Home >Markets >Mark To Market >Capital raising at public sector banks is necessary but not sufficient

India’s public sector lenders are on a capital-raising spree. In the past few months, several lenders have either raised funds or announced plans to do so through the qualified institutional placement (QIP) route.

Union Bank of India mopped up 1,447 crore through a QIP in July, while Canara Bank raised a sum of 2,500 crore earlier this month. Bank of India has announced a QIP issue of 3,000 crore with a floor price of 66.19 per share. Insufficient capital in the wake of high non-performing assets (NPAs) has been an affliction of public sector banks for the past few years. Before the coronavirus outbreak, some lenders had slipped below the minimum regulatory requirement on capital adequacy ratios.

With chronic capital deficiency staring at them, 10 public sector banks were merged to form four large ones in FY20. The synergies of the mergers are starting to accrue to lenders now and the ultra-low interest rates have meant that deposit-heavy lenders are reaping the benefits of low cost of funds.

Building up
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Building up

Lenders have reported robust performance in FY21, a year ravaged by the pandemic. The increased profitability has improved capital adequacy ratios as well, along with the mergers.

Now, lenders want to fortify their capital further for growth purposes. With a long-standing troubled area being addressed, one would expect valuations to improve for lenders. However, even today, excluding the largest lender, State Bank of India (SBI), shares of most public sector lenders trade at a deep discount to their estimated book value one-year ahead.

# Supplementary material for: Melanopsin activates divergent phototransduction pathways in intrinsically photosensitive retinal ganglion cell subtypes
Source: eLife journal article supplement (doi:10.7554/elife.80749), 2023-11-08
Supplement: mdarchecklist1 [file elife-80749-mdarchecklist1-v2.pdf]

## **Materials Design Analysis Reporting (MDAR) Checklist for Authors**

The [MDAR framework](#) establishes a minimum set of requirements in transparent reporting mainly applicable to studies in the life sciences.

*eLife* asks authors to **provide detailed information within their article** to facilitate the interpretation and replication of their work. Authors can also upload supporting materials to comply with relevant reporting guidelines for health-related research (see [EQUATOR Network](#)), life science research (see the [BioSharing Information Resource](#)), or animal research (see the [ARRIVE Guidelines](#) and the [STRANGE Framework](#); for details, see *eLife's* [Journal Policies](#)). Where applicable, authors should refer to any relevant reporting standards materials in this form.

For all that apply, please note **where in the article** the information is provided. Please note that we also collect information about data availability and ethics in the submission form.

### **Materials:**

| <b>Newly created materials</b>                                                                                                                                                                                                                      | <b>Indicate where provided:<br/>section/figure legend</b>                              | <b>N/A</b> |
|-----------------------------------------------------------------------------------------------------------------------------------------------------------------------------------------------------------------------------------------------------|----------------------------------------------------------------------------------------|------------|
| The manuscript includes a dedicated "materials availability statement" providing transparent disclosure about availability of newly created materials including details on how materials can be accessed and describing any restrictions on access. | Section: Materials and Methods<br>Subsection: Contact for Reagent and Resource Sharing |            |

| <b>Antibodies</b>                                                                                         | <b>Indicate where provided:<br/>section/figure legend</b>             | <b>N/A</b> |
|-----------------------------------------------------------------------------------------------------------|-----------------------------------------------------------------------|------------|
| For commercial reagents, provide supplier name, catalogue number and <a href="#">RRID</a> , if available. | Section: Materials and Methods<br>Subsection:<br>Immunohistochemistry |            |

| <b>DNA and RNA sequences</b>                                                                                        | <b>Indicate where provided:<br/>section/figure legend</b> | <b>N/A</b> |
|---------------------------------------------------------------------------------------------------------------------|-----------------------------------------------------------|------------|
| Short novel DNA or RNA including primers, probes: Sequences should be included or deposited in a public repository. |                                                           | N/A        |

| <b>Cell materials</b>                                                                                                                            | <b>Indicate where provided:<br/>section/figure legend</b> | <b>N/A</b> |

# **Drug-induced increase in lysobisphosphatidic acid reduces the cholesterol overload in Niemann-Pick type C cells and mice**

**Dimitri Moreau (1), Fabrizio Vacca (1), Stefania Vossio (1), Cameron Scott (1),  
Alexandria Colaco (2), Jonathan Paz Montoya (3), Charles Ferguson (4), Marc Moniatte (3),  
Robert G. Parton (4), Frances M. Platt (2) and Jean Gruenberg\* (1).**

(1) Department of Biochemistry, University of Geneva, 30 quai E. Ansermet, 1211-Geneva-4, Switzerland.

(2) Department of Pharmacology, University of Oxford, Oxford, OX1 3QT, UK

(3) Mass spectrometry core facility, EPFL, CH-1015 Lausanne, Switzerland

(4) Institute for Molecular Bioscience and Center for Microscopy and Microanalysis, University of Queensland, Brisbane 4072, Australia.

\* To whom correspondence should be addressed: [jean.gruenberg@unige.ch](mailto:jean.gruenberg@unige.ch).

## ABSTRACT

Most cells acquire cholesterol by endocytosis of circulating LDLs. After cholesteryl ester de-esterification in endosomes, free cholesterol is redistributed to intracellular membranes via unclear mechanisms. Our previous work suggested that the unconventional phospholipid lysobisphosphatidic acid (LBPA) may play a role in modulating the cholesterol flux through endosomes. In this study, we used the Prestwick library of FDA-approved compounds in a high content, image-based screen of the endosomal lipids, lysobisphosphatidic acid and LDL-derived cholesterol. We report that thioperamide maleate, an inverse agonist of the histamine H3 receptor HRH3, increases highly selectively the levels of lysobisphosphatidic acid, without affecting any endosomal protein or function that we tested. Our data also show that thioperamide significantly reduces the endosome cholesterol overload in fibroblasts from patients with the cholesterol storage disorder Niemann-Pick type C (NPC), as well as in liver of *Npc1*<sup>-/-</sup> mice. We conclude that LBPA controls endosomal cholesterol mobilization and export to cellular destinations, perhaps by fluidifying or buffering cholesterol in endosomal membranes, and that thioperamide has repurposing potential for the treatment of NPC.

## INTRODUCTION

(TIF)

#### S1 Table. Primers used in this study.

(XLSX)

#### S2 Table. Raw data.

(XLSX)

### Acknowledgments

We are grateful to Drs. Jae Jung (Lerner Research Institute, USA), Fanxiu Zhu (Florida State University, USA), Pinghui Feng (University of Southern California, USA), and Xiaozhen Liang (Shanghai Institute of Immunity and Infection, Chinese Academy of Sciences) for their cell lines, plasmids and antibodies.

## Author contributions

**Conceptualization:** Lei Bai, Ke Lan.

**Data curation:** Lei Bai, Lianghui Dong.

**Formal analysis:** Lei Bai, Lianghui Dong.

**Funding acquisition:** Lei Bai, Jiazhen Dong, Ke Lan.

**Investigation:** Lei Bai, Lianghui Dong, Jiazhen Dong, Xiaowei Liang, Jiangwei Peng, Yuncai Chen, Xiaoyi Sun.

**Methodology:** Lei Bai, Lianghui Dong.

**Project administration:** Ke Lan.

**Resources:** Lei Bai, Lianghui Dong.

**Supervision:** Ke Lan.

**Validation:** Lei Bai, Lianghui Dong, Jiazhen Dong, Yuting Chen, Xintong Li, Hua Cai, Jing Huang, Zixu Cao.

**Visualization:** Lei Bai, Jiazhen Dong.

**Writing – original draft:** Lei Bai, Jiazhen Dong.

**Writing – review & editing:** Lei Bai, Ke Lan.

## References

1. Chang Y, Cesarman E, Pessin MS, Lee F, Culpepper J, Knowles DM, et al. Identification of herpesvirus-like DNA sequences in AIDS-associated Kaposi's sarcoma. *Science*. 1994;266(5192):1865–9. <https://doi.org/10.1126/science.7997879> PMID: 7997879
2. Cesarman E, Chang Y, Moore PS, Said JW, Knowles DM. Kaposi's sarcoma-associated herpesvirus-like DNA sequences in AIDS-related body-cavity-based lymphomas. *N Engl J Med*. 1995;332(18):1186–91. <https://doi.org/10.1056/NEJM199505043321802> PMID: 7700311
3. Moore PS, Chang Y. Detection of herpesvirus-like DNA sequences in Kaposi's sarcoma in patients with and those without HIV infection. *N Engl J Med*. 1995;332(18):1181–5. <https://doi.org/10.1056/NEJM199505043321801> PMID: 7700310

This is because it is still uncertain how much of stress from the pandemic would emerge on the balance sheets of the banks. Fresh capital is likely to go towards growth, but opportunities to lend have reduced after the pandemic.

What’s more is that incremental provisioning needs may not fall dramatically for public sector banks. Thus, part of the proceeds of QIPs may end up being used to ward off stress. Take the case of Canara Bank. The lender raised 2,500 crore through a QIP on 24 August at 149.65 per share.

“We believe that the capital raise will mainly shore up its capital ratios, which remain sub-par compared to peers after the merger with Syndicate Bank," analysts at Emkay Global Financial Services Ltd had pointed out in a 25 August note.

To be sure, lenders may see some gains from resolution of insolvency accounts, thereby reducing need for more capital. But until they demonstrate both the growth and high capital ratios, valuations won’t improve much from here on

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